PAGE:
After the events of “Fast Five,” Dominic Toretto (Vin Diesel), Brian O’Connor (Paul Walker) and their crew are rich. However, they’re also internationally wanted criminals and are unable to return to the US. Soon, special agent Luke Hobbs (Dwayne Johnson) tracks them down and because he’s unable to extradite them, he asks them for their help in capturing a former British special forces officer turned criminal mastermind named Owen Shaw (Luke Evans). But there’s a twist. Dominic’s thought-to-be-dead girlfriend, Letty (Michelle Rodriguez) has been spotted alive and working with Shaw.

It’s one of those stories of an inconsequential nature, much like every story told throughout this franchise. It would be hard for even a fan to argue that the writing is solid, given its ridiculous dialogue, laughable scene set-ups, undeveloped side stories and thin characters. “Fast & Furious 6” follows suit and little is actually explored or discussed. Even when Dominic and Letty cross paths for the first time, the scene lasts all of five seconds (which is not an exaggeration), despite their relationship being the primary narrative supposedly pushing this thing forward. But when these scenes begin and end in the blink of an eye, like the opening moments when the crew requires little coaxing to once again put their lives on the line, it’s not necessarily due to bad writing, but rather a desire to bypass the fluff and get to the action, showing a firm understanding that story structure is not what these movies are about.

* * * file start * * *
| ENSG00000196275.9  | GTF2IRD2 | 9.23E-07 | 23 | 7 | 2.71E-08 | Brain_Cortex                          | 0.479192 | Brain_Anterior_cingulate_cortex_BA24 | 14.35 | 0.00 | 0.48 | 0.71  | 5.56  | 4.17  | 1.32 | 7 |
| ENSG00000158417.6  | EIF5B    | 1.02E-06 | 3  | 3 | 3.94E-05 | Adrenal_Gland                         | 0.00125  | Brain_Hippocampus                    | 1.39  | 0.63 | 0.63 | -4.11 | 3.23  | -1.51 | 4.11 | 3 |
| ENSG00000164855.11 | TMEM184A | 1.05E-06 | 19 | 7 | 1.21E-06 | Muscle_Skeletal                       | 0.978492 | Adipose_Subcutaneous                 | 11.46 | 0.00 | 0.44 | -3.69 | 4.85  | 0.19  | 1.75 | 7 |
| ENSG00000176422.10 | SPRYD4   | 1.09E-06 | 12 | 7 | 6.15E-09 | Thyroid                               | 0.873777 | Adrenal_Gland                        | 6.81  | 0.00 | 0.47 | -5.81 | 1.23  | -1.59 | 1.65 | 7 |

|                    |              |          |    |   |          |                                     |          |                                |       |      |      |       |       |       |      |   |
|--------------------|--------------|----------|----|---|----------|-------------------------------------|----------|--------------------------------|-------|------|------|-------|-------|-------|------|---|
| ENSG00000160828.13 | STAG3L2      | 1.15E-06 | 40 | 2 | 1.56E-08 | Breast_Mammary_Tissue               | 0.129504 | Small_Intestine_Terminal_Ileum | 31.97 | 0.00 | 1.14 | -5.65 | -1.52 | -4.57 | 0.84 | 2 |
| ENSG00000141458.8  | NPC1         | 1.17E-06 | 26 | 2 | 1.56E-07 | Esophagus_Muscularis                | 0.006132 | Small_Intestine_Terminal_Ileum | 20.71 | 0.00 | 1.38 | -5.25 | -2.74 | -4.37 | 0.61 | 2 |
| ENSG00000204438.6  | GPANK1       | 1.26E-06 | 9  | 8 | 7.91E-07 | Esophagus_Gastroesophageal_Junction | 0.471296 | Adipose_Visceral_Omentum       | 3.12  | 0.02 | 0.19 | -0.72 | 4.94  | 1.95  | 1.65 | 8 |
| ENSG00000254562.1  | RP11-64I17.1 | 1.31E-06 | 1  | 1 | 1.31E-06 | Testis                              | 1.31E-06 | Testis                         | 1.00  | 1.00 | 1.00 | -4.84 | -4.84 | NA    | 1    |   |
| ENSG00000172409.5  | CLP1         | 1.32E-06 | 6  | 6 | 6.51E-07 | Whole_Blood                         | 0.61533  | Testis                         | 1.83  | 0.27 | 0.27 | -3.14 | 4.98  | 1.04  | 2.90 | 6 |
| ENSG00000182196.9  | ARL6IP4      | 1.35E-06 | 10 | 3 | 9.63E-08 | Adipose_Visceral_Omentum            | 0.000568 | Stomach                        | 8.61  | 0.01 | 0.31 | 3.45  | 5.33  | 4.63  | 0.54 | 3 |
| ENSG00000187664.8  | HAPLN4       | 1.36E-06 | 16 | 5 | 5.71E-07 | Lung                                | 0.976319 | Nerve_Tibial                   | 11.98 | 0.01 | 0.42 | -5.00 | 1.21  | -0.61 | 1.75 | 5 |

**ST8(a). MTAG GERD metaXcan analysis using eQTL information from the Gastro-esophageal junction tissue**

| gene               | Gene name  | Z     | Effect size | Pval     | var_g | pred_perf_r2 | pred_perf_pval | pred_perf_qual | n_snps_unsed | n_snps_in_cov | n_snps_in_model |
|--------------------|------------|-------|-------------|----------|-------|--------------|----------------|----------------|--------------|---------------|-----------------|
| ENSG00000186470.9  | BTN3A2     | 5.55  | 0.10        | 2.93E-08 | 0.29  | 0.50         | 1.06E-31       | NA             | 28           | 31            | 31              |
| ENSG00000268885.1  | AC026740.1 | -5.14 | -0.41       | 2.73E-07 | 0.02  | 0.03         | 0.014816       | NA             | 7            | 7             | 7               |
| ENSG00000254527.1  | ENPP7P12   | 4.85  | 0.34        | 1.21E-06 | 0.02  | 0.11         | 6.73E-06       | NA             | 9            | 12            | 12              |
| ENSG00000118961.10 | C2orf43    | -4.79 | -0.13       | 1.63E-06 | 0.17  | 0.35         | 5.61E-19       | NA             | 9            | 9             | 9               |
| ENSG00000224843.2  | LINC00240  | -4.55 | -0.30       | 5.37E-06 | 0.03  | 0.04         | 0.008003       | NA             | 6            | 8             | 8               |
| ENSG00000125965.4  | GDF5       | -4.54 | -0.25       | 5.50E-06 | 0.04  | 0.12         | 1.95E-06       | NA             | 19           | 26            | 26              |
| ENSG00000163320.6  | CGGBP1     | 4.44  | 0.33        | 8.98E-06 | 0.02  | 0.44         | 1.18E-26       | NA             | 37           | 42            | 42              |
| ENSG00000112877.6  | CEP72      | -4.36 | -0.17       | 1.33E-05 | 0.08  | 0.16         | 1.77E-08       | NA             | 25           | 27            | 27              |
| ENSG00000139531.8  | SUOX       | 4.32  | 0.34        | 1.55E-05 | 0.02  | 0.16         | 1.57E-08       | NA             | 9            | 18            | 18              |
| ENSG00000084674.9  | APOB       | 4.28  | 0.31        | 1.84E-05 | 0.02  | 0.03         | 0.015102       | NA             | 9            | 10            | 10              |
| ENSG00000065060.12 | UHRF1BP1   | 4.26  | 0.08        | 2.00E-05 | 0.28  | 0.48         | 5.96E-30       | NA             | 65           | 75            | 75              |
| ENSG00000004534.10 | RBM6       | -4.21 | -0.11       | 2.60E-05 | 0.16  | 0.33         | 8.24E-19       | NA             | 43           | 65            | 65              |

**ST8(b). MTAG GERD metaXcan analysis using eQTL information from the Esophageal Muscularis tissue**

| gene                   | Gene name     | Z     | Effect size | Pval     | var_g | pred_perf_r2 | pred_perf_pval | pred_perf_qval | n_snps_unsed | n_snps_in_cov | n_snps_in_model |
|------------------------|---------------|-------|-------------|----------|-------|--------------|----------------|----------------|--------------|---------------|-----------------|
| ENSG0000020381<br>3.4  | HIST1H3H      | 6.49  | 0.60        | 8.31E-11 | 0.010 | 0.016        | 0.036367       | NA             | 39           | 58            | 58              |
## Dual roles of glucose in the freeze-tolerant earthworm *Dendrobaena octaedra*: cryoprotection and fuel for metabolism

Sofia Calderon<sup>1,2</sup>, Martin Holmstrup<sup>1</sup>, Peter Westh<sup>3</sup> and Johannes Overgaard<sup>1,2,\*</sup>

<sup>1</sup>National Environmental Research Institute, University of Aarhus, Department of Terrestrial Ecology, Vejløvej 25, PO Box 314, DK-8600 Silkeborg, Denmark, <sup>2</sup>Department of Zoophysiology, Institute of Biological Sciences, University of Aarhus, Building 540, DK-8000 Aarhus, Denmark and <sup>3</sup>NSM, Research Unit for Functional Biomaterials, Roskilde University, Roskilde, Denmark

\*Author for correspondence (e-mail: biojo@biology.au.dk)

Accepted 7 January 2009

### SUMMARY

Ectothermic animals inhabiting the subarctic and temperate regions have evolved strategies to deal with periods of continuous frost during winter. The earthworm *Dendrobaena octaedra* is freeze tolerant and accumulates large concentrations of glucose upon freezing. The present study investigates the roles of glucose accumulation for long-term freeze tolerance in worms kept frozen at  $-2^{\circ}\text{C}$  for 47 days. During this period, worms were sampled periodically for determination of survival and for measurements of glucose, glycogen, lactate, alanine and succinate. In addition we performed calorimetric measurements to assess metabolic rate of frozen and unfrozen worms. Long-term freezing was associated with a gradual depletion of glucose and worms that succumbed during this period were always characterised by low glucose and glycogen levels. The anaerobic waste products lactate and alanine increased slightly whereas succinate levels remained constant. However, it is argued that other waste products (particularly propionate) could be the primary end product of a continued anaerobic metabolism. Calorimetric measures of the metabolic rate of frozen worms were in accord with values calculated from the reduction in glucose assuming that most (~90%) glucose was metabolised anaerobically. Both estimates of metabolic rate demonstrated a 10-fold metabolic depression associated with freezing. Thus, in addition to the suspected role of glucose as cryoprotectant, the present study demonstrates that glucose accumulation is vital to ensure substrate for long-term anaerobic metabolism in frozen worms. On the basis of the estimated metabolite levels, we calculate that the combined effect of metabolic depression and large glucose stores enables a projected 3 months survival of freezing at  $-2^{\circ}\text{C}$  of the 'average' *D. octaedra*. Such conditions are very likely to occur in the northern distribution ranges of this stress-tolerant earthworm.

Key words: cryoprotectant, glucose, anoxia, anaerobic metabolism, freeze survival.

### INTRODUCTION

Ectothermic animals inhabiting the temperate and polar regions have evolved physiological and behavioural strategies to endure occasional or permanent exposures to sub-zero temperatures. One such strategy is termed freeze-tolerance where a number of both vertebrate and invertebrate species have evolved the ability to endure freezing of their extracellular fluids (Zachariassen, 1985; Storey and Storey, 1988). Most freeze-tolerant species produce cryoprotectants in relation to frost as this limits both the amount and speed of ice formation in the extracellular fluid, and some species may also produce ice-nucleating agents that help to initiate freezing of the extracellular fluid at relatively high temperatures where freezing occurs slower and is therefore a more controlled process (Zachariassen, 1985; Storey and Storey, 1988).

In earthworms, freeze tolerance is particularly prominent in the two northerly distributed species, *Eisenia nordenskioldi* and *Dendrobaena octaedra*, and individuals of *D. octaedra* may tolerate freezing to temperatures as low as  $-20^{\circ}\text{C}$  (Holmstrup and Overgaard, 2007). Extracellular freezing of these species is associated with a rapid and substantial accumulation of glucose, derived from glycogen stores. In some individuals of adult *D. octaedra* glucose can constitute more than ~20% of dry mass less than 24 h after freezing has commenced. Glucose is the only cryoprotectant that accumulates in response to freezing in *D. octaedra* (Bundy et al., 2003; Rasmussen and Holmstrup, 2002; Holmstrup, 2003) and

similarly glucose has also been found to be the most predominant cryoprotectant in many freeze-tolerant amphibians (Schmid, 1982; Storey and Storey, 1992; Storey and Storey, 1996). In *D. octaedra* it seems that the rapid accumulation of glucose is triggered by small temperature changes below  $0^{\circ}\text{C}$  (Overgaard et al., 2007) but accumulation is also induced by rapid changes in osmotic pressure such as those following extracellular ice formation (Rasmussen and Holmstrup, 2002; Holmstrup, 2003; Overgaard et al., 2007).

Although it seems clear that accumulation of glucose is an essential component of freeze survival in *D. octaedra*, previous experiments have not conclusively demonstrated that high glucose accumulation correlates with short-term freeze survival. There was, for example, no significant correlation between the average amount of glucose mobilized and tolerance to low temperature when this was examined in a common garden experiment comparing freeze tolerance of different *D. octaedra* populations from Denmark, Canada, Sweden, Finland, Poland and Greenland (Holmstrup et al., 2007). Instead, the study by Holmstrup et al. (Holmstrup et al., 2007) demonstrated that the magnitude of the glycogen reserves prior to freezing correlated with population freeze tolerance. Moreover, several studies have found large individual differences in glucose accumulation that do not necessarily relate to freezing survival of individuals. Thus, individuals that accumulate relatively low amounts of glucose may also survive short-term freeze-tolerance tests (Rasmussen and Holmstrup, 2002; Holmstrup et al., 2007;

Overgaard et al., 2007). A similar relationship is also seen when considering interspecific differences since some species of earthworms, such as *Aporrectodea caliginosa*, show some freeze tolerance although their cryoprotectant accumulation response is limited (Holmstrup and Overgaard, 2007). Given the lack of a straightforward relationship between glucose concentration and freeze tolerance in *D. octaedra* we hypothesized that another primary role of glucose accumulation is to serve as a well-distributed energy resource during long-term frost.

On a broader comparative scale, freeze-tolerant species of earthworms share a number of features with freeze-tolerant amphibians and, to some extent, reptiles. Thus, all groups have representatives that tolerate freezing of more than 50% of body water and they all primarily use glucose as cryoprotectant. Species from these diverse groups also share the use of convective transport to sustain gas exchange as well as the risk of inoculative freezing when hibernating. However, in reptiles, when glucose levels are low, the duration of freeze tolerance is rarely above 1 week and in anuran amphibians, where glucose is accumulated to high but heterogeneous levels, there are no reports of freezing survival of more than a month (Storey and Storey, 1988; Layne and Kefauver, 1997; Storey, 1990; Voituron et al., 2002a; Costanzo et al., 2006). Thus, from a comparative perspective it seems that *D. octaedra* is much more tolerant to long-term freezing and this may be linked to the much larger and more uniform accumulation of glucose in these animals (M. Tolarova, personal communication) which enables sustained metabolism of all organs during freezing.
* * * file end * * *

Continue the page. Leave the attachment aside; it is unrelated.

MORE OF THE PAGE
The reason the franchise succeeds as much as it does, despite its vapid stupidity, is because it knows exactly what it is. It has a goal, however shallow it may be, and it delivers exactly what it promises. This series is about action—and lots of it—and the crazier it gets, the more enjoyable it becomes. What began as a franchise with smaller, more contained action scenes that took place during street races has become a full blown extravaganza with planes, tanks, death defying stunts and bodies flying through the air and landing unscathed. Even its subtitles zoom on and off the screen in an adrenaline fueled panic. This is absurdity to the nth degree.